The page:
shall
I do?”

And she never could remember; and ever since that day what Lucy means by a good story is a story which reminds her of the forgotten story in the Magician’s Book.

— C. S. Lewis,
The Voyage of the Dawn Treader

Introduction

I
n one of the most vivid memories from my childhood, nothing happens. On a clear, sunny day, I’m standing near a curb in the quiet suburban California neighborhood where my family lives, and I’m wishing, with every bit of my self, for two things. First, I want a place I’ve read about in a book to really exist, and second, I want to be able to go there. I want this so much I’m pretty sure the misery of not getting it will kill me. For the rest of my life, I will never want anything quite so much again.

The place I longed to visit was Narnia, the setting for a series of children’s novels by C. S. Lewis. There are things about these books that I, at age nine, did not yet understand and did not even realize were there to be understood. My relationship to Narnia would turn out to be as rocky as any love affair, a story of enchantment, betrayal, estrangement, and reunion. A few years after the day I’m remembering, when I discovered some of the more obvious “secret” meanings in C. S. Lewis’s children’s books, I felt tricked, and for a long time I avoided even thinking about Narnia.

Eventually, warily, after I became someone who reads books and writes about them for a living, I decided to revisit the Chronicles of Narnia. I was thinking about origins. I’d been given an assignment: describe the single book that had most influenced me, that had changed my life. I could have written about
Jane Eyre,
the first “grown up” novel with which I fiercely identified as a teenager, or Dante’s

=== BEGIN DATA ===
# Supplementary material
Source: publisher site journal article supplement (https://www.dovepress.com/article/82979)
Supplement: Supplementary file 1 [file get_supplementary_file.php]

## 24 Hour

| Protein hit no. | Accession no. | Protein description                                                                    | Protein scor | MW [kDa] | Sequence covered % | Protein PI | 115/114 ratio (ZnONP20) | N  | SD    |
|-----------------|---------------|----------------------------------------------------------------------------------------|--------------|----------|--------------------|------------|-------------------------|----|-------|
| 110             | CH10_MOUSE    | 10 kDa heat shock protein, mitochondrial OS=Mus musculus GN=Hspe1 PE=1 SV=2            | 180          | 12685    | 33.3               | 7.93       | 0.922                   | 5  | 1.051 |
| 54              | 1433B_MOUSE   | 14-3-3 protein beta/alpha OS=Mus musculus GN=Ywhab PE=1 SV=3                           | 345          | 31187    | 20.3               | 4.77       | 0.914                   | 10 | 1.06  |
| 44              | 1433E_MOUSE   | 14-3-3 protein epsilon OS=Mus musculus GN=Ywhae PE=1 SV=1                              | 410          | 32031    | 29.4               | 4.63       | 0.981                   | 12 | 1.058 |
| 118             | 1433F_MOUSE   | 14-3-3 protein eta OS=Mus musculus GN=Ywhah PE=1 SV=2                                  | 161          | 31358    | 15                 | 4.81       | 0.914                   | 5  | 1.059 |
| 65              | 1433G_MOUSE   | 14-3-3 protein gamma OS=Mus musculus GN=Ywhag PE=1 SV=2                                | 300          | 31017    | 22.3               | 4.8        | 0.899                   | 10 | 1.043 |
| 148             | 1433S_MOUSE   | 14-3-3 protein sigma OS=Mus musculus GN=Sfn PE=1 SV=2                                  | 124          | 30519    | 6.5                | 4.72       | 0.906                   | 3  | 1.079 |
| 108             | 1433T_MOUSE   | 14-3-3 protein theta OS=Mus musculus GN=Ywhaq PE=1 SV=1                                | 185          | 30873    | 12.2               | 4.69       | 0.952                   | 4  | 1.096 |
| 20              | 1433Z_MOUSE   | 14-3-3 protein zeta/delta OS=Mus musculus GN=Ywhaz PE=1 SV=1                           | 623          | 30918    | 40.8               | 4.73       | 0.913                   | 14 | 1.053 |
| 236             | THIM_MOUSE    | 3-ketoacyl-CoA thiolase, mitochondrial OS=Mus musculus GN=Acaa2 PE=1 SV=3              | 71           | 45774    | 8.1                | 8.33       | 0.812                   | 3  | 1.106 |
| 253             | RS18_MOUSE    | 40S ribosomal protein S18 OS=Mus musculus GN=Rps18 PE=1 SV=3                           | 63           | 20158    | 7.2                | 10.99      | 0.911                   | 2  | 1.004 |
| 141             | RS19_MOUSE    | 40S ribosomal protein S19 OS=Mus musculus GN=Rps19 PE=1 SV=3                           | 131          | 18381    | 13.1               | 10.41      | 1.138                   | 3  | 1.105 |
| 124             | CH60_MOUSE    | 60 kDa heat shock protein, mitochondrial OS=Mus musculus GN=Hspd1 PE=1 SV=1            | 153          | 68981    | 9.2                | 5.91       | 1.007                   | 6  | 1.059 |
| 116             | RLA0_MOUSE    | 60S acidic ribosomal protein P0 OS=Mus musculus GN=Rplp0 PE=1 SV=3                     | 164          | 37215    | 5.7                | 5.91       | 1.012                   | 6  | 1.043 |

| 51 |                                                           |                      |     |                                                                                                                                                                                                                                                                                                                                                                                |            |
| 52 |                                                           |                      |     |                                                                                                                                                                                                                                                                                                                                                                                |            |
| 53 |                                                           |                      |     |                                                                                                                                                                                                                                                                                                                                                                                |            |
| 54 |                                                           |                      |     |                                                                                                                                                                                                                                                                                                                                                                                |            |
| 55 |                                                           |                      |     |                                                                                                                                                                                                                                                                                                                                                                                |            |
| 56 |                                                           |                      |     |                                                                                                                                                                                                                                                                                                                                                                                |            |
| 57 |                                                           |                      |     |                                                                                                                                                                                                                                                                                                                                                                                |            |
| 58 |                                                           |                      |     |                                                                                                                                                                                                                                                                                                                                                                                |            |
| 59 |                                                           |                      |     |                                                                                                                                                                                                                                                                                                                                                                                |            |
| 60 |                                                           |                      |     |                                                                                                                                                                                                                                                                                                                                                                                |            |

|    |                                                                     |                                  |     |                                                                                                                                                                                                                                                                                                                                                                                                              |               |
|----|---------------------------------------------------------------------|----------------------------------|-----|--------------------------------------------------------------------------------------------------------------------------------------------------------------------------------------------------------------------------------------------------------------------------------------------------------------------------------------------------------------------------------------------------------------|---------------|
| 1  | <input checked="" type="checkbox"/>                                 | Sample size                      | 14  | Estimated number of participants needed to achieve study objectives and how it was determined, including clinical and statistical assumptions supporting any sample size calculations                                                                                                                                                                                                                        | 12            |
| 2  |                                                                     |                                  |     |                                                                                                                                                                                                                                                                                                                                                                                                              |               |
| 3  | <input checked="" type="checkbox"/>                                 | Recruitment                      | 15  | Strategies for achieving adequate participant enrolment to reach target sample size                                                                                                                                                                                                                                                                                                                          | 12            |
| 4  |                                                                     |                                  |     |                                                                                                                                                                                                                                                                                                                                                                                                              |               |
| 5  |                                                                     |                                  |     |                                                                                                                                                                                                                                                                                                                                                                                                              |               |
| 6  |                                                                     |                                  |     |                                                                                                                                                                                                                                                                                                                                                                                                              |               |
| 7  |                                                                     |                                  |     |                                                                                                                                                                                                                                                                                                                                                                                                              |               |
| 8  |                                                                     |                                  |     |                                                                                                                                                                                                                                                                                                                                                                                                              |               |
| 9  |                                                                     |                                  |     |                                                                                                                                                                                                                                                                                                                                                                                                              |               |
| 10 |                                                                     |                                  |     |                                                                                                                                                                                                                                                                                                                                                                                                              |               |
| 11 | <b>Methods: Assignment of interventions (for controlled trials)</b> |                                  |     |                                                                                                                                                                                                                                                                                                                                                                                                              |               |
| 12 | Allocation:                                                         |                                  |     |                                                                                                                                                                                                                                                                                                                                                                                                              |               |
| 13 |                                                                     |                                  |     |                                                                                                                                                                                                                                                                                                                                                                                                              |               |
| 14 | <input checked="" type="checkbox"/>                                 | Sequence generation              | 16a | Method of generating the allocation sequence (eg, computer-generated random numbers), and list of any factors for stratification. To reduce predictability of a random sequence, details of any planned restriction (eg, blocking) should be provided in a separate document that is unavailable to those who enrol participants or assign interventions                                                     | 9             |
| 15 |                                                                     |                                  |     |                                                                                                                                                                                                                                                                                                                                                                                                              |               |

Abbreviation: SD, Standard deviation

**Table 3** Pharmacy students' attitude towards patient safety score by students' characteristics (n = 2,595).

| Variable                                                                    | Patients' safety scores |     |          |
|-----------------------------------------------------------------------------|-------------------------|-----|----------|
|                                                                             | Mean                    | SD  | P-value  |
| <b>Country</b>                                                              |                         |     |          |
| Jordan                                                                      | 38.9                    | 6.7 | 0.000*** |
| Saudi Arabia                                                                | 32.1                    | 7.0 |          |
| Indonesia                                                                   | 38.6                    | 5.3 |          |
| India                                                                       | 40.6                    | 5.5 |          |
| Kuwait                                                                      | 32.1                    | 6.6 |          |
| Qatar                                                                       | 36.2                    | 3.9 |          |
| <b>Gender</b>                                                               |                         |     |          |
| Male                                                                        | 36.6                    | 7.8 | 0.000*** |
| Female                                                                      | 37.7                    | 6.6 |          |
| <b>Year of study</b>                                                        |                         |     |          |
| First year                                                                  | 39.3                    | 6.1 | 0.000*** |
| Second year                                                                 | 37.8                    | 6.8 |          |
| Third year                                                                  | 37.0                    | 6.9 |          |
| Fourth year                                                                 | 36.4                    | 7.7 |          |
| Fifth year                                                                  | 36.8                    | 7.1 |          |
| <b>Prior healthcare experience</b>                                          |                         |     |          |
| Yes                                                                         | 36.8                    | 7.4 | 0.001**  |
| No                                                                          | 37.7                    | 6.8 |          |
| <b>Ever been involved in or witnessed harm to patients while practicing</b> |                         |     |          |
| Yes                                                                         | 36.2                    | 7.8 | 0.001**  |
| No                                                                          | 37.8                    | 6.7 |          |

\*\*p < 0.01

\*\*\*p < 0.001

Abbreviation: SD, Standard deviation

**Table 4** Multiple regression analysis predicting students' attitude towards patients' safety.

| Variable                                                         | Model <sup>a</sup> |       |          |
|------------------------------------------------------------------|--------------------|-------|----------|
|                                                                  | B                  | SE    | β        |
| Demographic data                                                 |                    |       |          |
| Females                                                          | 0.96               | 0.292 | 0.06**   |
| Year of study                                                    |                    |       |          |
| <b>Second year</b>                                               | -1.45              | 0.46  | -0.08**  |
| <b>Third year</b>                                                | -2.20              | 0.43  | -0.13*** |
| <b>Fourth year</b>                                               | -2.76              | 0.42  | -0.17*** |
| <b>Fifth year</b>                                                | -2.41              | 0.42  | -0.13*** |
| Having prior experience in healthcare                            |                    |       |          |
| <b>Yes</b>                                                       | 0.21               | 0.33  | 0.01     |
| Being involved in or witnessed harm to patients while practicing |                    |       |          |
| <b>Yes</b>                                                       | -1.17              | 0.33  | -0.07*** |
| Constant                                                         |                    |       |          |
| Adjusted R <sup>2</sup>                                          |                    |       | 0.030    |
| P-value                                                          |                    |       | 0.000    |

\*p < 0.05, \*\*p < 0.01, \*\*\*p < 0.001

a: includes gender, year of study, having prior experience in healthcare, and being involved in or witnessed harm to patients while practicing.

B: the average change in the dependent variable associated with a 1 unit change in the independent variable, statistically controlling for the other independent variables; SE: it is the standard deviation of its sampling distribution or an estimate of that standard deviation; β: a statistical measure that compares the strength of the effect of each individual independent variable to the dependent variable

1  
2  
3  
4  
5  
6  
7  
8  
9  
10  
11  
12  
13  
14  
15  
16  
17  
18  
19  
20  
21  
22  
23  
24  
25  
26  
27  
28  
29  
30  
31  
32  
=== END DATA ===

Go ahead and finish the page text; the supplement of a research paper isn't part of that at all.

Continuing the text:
Divine Comedy,
the first literary monument that was made to breathe and bleed and yield up its splendor to me by a gifted professor. That’s the sort of title most writers would choose when presented with this question. If you’ve ever read one of those articles that asks notable people to list their favorite books, you may have been impressed or daunted to see them pick Proust or Thomas Mann or James Joyce. You might even feel sheepish about the fact that you reread
Pride and Prejudice
or
The Lord of the Rings
or
The Catcher in the Rye
or
Gone With the Wind
every couple of years with so much pleasure. Perhaps, like me, you’re even a little suspicious of their claims, because we all know that the books we’ve loved best are seldom the ones we esteem the most highly — or the ones we’d most like other people to think we read over and over again.

I vowed to be scrupulously honest about this assignment, and that meant acknowledging that the most momentous passage in my reading life came when I was in second grade. A teacher I idolized handed me a copy — her copy — of
The Lion, the Witch and the Wardrobe.
It was this book that made a reader out of me. It showed me how I could tumble through a hole in the world I knew and into another, better one, a world fresher, more brightly colored, more exhilarating, more fully felt than my own. This revelation really did make a new person out of me. I reread
The Lion, the Witch and the Wardrobe